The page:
Orange is not the only Penguin (book) - charl08 reads #7
This is a continuation of the topic Orange is not the only Penguin (book) - charl08 reads #6.
This topic was continued by Orange is not the only Penguin (book) - charl08 reads #8.
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A very tempting shelf from a recent visit to Skoob books, Bloomsbury.
(I only bought one. From this shelf...)
Books read in 2017 - 92
Last three month's reading:
The Patriots (F, Ukraine, novel)
Out of this World (F, UK, novel)
As good as New (F, US, novel)
Spandex and the City (F, UK, novel)
Shenzhen: A travelogue (M, Canada, graphic memoir)
Maigret at Picratt's (M, Belgium, novel)
Flesh and Bone and Water (F, Brazil, novel)
Fever Dream (F, Argentina, novel)
Blanche and Marie (M, Sweden, novel)
The Way to a Duke's Heart (F, US, novel)
Barbara the Slut (F, US, short stories)
Truevine (F, US, history/ biography)
Blame it on Bath (F, UK, novel)
Swell: a waterbiography (F, UK, memoir/ history)
Unexploded (F, Canada, novel)
The Good People (F, Australia, novel)
The Brittle Star (F, UK, novel)
In a Lonely Place (F, US, novel)
The Little Shop of Happy Ever After (F, UK, novel)
First Love (F, UK, novel)
Dancing the Death Drill (M, South Africa, novel)
On a Chinese Screen (M, UK, short stories)
Cheese (M, Netherlands, fiction)
Date at the Altar (F, US, fiction)
Roads to Berlin (M, Netherlands, travel/ memoir)
Waterlog (M, UK, travel/sport)
Sister Noon (F, US, novel)
Spaceman of Bohemia (M, Czech Republic, novel)
One Hundred Nights of Hero (F, UK, graphic novel)
On Friday the Rabbi Slept In (M, US, novel)
Penguin Modern Poets Three (Multiple authors, poetry)
The Idiot (F, US, fiction)
Saturday the Rabbi Went Hungry (M, US, fiction)
Sunday the Rabbi stayed Home (as above)
The Serpent Prince (F, US, fiction)
Becoming Unbecoming (F, UK, graphic memoir)
A Gentleman in Moscow (M, US, novel)
The Murderess (M, Greece, novel)
All for Nothing (M, Germany, novel)
The Thrilling Adventures of Lovelace and Babbage (F, UK, GN/history)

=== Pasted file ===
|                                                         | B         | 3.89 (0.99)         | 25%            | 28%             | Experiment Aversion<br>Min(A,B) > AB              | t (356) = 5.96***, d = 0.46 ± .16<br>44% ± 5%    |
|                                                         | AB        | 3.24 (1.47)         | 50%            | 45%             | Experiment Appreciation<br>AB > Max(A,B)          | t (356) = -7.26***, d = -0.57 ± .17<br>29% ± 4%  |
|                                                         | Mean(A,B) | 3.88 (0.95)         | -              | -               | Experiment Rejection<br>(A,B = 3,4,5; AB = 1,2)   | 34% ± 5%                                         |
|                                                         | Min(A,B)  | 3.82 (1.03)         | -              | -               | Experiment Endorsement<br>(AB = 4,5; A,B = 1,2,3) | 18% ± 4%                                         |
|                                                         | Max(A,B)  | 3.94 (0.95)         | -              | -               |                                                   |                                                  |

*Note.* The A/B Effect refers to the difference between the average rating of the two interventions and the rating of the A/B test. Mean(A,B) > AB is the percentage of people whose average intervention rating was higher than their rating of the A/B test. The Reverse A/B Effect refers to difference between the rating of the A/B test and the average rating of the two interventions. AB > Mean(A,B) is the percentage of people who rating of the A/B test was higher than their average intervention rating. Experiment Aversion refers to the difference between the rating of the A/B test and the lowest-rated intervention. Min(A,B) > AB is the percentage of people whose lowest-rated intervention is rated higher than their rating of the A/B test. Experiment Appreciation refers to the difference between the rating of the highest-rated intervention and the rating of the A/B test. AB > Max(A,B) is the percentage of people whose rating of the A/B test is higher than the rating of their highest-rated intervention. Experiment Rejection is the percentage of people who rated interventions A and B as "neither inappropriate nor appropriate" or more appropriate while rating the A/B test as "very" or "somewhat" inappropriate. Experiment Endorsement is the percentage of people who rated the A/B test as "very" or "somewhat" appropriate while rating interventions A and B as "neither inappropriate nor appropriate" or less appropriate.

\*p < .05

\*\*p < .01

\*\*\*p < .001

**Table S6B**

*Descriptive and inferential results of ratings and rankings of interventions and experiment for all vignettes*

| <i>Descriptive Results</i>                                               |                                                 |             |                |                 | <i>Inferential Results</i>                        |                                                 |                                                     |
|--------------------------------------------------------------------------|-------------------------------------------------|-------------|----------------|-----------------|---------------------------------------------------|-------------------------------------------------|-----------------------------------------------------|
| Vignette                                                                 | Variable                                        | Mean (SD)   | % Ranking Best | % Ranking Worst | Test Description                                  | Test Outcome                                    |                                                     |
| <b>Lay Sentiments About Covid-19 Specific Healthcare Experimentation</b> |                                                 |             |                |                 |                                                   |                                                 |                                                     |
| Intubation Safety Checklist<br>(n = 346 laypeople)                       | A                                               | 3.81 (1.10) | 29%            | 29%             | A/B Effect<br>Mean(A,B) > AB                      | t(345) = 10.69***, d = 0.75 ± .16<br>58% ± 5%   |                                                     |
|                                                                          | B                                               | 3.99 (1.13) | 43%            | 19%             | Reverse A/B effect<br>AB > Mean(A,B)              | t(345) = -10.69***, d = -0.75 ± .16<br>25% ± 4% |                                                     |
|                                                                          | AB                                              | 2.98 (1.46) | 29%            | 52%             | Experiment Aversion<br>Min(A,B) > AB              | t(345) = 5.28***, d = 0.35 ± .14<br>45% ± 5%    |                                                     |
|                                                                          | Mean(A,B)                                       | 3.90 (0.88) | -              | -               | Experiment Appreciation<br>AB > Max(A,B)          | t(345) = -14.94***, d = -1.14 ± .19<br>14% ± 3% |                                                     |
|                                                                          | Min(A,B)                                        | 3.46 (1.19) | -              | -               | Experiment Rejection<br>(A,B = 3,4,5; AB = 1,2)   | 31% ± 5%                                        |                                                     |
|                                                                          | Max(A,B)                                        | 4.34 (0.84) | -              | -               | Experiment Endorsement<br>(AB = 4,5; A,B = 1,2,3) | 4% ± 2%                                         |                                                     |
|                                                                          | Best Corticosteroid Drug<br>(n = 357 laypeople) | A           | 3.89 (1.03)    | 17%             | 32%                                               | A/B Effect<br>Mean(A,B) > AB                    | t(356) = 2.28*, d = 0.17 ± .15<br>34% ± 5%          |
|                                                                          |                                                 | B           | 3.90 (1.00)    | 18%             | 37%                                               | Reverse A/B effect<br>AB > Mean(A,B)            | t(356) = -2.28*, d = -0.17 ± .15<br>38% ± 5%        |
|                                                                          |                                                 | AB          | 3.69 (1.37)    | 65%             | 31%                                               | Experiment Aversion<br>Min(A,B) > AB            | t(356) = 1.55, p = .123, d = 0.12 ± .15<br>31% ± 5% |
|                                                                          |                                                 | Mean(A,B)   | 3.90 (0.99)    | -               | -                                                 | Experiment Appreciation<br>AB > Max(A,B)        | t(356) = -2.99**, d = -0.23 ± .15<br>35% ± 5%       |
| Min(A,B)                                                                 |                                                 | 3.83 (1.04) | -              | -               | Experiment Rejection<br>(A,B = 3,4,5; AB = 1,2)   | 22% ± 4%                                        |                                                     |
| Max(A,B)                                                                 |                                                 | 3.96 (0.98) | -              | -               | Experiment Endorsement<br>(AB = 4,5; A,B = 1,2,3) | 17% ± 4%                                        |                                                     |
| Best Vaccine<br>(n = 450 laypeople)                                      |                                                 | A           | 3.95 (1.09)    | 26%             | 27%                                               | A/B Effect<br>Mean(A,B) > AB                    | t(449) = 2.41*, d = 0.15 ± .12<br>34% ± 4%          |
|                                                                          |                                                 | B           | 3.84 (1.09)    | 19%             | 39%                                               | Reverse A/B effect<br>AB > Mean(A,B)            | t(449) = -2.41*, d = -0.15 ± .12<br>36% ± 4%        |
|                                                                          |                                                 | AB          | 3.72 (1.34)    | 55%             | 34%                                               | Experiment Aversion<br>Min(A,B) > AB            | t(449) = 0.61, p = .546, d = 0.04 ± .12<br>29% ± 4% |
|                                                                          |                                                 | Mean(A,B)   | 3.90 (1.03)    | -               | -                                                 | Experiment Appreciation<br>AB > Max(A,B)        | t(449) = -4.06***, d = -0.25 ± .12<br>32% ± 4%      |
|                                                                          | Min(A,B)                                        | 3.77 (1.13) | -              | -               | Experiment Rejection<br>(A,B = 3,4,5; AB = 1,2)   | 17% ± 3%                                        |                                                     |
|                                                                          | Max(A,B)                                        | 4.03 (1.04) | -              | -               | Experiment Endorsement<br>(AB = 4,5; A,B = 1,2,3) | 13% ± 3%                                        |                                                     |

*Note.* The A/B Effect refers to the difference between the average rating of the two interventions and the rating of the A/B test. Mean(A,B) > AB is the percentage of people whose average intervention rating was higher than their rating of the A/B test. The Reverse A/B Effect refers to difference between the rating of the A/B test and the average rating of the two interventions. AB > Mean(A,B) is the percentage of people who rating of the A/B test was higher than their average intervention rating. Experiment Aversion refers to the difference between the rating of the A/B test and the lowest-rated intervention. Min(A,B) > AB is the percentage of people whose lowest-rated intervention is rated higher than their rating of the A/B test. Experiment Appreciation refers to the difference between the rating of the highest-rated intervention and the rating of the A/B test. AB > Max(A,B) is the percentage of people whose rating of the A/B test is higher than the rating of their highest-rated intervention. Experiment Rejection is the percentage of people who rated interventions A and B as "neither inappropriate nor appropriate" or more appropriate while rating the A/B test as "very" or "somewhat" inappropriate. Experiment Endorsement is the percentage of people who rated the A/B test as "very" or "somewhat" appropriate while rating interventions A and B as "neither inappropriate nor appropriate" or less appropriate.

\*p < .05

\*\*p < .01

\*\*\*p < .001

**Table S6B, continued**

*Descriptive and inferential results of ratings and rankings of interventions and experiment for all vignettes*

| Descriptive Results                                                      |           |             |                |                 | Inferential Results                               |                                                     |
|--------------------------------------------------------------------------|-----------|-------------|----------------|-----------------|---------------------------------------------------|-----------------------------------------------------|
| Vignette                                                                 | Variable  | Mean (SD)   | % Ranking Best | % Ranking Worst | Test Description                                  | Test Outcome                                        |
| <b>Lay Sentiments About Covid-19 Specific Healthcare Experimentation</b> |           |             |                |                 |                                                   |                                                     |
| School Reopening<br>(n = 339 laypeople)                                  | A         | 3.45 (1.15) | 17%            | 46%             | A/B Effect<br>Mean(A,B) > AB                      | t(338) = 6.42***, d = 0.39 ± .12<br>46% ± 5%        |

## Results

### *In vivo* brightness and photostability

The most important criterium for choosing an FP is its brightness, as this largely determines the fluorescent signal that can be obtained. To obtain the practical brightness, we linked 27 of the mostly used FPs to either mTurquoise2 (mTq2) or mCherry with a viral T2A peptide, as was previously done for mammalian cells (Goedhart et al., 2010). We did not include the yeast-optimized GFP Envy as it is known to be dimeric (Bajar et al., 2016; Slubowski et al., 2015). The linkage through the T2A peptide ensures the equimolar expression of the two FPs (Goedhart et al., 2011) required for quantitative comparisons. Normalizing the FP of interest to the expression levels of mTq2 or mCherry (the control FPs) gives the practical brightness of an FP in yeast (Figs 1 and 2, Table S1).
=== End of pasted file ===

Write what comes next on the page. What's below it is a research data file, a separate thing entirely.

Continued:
The Ocean at the End of the Lane (M, UK, fantasy)
Blood Curse (M, Italy, crime)
A Chinese Life (M, China, GN)
The Warmth of Other Suns (F, US, history)
In the Name of the Family (F, UK, fiction)
A Cast of Vultures (F, UK, fiction)
Kafka in Bronteland (F, UK, short stories)
Darling: new and selected poems (F, poetry, UK)
Sweet Little Lies (F, fiction, US)
I will have Vengeance (M, fiction, Italy)
Alpha (F & M, GN, Belgium & France)
Seven Minutes (F, fiction, US)
The Bodyguard and Mrs Jones (F, fiction, US)
How to Survive a Plague (M, non-fiction- popular science/politics, US)
Smoke Over Malibu (M, Fiction, UK)
Too Loud a Solitude (M, fiction, Czech Republic)
The Refugees (M, fiction, US)
Slaughterhouse 5 (M, fiction, US)
It Takes A Scandal (F, fiction, US)
Once Upon a time in the East (F, Memoir, UK/China)
Head Land (multiple authors, fiction, multiple nationalities)
The Longest Night (M, fiction, Netherlands)
Last Fair Deal Gone Down (M, fiction, US)
Bitter Herbs (F, Memoir, the Netherlands)
Huck (Multiple authors, GN)
Love in a time of Scandal (F, fiction, US)
The Gigantic Beard that was Evil (M, graphic novel, UK)
Leaving Lucy Pear (F, fiction, US)
F9 M 3
Europe 5 (UK 1) US & Canada 5 Latin America 2
Library 9 Netgalley 2 Mine 1
F13 M9 (+1 multiple authors)
Europe 11 (UK 8) US & Canada 9 Australia 1 South Africa 1 (+1 multiple authors)
Fiction 19 Non-Fiction 3 Poetry 1
Library 10 Netgalley 3 Mine 10
F 6 M 6
Europe 9 (UK 6) US 2 China 1
Fiction 8 Non-Fiction 2 Graphic Novel 2
Mine 3 Library 8 Digital 1
F11 M10 (1 book dual author, plus one edited collection)
Europe 10 (UK 4) US 10 (1 book dual author)
Fiction 16 Poetry 1 Non-Fiction 2
Library 9 Digital 9 Mine 3
For January see http://www.librarything.com/topic/254233
1. Last year I read over 300 books: I'd like to do the same this year.
2. Read Harder Challenge (Bookriot) 13 down...
Read a book about sports.
Read a book about books.
Read a book you’ve read before.
Read a nonfiction book about technology.
Read a YA or middle grade novel by an author who identifies as LGBTQ+.